(INRIA/MSR) A formal correctness
proof for the subresultant algorithm Abstract: We describe here a
formal proof in the Coq system of the structure theorem for subresultants,
which allows to give a formal correctness proof of our
implementation of the subresultants algorithm. This algorithm allows to compute gcds of multivariate polynomials with
coefficients in a ring efficiently. The algorithm is
simple and widely implemented in computer algebra systems, but the correctness
proof is very technical. Up to our knowledge it is the first mechanized proof
of this result. We will try to sum up the difficulties of such a formal proof
and to point out the decisive steps in this formal development. Sean McLaughlin (CMU) A Methodology for
Implementing Reusable Decision Procedures Abstract: Implementing decision
procedures for verification tools such as proof assistants and SMT tools can be a major
effort. Currently, many different implementations of the same decision
procedures exist, or the algorithms only exist for a particular system, and not
for others. This is not a good division of labor among the verification
community. This talk describes an experimental methodology for designing
implementations of decision procedures that can easily be used in multiple systems
regardless of implementation language or logical foundation. We also give some
(very) preliminary results. Henri Lombardi ( Constructive
real algebra. Abstract: By ‘real algebra’ we
understand here ‘algebraic properties of real numbers’, i.e., properties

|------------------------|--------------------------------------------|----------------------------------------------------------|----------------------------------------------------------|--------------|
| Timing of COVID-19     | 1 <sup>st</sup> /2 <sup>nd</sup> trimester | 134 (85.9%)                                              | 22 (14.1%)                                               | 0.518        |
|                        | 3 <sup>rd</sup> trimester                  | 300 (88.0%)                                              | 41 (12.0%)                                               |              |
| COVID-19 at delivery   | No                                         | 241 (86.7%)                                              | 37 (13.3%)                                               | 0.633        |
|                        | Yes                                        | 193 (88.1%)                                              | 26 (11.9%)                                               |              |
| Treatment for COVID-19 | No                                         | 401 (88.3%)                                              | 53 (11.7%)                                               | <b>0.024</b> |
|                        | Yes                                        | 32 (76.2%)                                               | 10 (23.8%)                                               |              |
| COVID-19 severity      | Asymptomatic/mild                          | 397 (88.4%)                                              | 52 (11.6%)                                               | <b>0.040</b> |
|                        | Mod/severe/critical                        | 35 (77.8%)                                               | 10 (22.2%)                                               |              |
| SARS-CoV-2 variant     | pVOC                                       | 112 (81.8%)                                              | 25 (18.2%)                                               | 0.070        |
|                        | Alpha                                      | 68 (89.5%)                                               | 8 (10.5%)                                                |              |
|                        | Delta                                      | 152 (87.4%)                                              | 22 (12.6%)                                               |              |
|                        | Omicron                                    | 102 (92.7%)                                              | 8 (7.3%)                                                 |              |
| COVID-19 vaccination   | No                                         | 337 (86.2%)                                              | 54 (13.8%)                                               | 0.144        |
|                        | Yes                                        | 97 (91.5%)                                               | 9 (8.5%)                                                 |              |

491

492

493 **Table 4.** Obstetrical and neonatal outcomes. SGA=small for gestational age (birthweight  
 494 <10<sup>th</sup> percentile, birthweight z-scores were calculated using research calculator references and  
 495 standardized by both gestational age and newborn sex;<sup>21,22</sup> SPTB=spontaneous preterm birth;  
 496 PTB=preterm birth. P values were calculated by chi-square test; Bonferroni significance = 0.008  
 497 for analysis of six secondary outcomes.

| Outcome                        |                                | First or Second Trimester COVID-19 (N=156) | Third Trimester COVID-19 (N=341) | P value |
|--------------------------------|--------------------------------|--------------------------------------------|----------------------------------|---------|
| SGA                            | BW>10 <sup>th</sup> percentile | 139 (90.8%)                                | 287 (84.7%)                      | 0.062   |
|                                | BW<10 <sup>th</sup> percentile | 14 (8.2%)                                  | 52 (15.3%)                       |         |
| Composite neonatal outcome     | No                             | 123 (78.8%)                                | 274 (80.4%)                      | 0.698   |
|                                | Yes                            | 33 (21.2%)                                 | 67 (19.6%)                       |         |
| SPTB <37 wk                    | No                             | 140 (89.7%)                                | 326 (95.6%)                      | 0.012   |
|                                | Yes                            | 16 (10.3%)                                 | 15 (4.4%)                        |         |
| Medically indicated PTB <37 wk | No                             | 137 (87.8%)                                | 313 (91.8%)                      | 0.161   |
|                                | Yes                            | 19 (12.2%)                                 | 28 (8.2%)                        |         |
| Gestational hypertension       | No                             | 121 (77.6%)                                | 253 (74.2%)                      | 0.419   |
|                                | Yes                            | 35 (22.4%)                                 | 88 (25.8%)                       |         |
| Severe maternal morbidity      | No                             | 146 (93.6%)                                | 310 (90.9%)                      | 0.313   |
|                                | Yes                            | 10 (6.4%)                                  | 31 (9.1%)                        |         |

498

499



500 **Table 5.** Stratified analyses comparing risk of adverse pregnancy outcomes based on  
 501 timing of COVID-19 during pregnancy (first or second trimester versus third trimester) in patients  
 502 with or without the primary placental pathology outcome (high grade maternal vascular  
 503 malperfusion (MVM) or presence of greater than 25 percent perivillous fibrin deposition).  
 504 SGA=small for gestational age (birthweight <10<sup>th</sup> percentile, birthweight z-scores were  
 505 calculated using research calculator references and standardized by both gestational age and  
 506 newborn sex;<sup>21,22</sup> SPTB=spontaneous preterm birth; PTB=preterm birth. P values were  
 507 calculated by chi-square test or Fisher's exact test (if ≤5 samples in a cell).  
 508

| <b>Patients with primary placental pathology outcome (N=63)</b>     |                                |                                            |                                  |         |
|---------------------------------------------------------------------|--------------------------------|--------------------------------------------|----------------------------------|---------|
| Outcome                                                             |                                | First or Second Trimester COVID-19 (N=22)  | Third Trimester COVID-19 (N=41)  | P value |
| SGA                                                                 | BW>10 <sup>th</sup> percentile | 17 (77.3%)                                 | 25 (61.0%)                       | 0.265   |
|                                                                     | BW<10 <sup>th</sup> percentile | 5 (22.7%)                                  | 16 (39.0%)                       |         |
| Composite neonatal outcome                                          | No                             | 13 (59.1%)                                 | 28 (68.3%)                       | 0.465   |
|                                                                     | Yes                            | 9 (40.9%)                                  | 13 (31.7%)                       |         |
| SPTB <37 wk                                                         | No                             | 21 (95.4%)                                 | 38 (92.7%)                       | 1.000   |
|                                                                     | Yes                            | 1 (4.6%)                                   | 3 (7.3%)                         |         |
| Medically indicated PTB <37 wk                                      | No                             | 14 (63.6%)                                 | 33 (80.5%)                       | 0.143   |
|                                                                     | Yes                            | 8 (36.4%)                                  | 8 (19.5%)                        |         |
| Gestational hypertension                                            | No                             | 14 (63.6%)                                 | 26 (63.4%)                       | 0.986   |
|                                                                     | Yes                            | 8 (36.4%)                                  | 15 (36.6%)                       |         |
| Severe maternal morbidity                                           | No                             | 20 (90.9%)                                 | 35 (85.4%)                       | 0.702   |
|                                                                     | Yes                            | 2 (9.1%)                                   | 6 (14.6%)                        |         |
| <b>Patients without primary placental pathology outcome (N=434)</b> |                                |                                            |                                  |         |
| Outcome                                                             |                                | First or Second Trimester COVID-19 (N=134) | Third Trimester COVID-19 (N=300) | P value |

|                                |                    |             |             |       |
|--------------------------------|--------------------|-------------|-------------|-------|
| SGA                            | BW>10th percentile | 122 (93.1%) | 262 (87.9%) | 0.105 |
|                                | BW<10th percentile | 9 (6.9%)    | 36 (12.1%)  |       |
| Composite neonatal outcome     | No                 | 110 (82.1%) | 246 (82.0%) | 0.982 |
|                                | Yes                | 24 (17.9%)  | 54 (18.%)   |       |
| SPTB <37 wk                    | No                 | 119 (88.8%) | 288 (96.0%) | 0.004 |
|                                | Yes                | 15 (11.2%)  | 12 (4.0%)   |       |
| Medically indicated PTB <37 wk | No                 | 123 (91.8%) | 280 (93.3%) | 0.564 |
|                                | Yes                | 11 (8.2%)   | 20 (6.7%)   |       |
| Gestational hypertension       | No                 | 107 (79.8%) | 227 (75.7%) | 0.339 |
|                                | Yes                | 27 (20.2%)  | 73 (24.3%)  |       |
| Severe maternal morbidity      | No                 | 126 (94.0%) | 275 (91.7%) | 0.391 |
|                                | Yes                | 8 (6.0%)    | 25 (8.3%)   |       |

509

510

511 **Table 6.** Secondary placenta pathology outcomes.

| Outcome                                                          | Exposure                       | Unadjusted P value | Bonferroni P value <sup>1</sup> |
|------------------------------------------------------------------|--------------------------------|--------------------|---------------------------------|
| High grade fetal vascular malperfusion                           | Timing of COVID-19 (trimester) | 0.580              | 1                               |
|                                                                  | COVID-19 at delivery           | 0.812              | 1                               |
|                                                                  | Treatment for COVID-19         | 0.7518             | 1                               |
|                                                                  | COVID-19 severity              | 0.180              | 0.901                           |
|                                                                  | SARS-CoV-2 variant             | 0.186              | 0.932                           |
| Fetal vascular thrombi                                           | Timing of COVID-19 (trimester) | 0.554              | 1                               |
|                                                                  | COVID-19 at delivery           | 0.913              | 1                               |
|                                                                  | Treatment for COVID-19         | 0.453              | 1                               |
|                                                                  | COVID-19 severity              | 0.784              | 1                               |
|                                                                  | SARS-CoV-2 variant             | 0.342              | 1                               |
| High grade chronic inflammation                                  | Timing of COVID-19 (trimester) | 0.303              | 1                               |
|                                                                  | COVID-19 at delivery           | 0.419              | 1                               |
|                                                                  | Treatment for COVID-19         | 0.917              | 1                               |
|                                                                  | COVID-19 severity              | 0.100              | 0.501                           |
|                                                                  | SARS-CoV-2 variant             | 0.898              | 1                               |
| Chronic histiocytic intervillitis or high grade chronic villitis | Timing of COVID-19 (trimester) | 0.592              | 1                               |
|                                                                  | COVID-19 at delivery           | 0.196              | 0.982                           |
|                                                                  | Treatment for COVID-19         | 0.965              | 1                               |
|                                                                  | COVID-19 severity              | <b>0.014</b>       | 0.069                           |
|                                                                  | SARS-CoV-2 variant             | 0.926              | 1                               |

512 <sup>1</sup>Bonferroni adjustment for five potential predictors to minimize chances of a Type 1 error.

of real numbers w.r.t. + , − , × , > , _ , max , min , _From a
constructive point of view, real algebra is far away from the theory of
discrete real closed fields (which was settled by Artin in order to understand
real algebra in the framework of classical logic). Most algorithms given in the
discrete case fail without sign test. But some do have a good constructive
version, e.g., Hilbert’s 17th Problem. Related topics are the
following: 1) Investigating real
algebra should be a way of understanding what happens when dropping dependent
choice in constructive analysis. 2) Understanding real
algebra should be also a first important step for obtaining a constructive
version of O-minimal structures. Russell O’Connor ( Implementing Analysis Abstract: According to Wikipedia,
‘analysis is the branch of mathematics [...] concerned with the limit process
or the concept of convergence.’ These operations take place in spaces that are
complete. It is sometimes thought that these spaces are ‘too big’ to be
represented by computers, but this is not entirely true. Bishop and Bridges
develop an entirely constructive (and hence computational) version of analysis
in their seminal work entitled ‘constructive analysis’.
This talk will discuss how to implement, in a practical way, analytical
concepts such as the real numbers, compact sets, and integrable functions all in the same way
by considering the completion operation as a monad. A monad is a powerful
abstract data structure that has been used to implement things from IO to
non-determinism in functional languages such as Haskell. Paulo Oliva (Queen
Mary, Modified realizability
of classical linear logic Abstract: It is well-known that
the marriage of realizability interpretations with classical
logics are not always smooth. One often needs to go through different
proofs translations (such as the negative translation and the A-translation) in
order to get some useful computational content from proofs. The situation,
however, is quite different in the case of classical linear logic (CLL). In
this talk I will present a simple and direct modified realizability
interpretation of CLL. The interpretation is closely related to de Paiva and
Hyland’s categorical interpretations of the propositional fragment of CLL from the
early 90’s, and Shirahata’s recent extension of that work dealing with
quantifiers. I will show that, given the standard embedding of intuitionistic logic
(IL) into CLL, the combined interpretation of IL indeed coincides with
Kreisel’s 1962 original interpretation. Time permitting, I will also discuss about
an interesting extension of CLL required for the completeness of the
interpretation. Grant Olney Passmore ( Mechanized Theory